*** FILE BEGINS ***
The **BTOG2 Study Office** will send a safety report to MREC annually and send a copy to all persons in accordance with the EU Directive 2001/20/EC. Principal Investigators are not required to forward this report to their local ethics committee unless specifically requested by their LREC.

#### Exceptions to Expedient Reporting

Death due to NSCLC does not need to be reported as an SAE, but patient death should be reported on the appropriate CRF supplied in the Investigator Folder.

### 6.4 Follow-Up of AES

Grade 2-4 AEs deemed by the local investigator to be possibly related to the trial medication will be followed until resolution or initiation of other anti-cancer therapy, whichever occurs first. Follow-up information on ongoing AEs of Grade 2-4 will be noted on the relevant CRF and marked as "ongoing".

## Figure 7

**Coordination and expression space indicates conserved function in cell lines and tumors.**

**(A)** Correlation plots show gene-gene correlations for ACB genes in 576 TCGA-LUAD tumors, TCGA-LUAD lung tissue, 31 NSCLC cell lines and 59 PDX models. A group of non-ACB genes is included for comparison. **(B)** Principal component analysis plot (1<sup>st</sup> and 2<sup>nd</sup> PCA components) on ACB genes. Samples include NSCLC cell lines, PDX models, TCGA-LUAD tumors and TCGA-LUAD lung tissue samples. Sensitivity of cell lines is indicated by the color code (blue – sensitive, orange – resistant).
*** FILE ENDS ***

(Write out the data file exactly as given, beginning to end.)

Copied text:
The **BTOG2 Study Office** will send a safety report to MREC annually and send a copy to all persons in accordance with the EU Directive 2001/20/EC. Principal Investigators are not required to forward this report to their local ethics committee unless specifically requested by their LREC.

#### Exceptions to Expedient Reporting

Death due to NSCLC does not need to be reported as an SAE, but patient death should be reported on the appropriate CRF supplied in the Investigator Folder.

### 6.4 Follow-Up of AES

Grade 2-4 AEs deemed by the local investigator to be possibly related to the trial medication will be followed until resolution or initiation of other anti-cancer therapy, whichever occurs first. Follow-up information on ongoing AEs of Grade 2-4 will be noted on the relevant CRF and marked as "ongoing".

## Figure 7

**Coordination and expression space indicates conserved function in cell lines and tumors.**

**(A)** Correlation plots show gene-gene correlations for ACB genes in 576 TCGA-LUAD tumors, TCGA-LUAD lung tissue, 31 NSCLC cell lines and 59 PDX models. A group of non-ACB genes is included for comparison. **(B)** Principal component analysis plot (1<sup>st</sup> and 2<sup>nd</sup> PCA components) on ACB genes. Samples include NSCLC cell lines, PDX models, TCGA-LUAD tumors and TCGA-LUAD lung tissue samples. Sensitivity of cell lines is indicated by the color code (blue – sensitive, orange – resistant).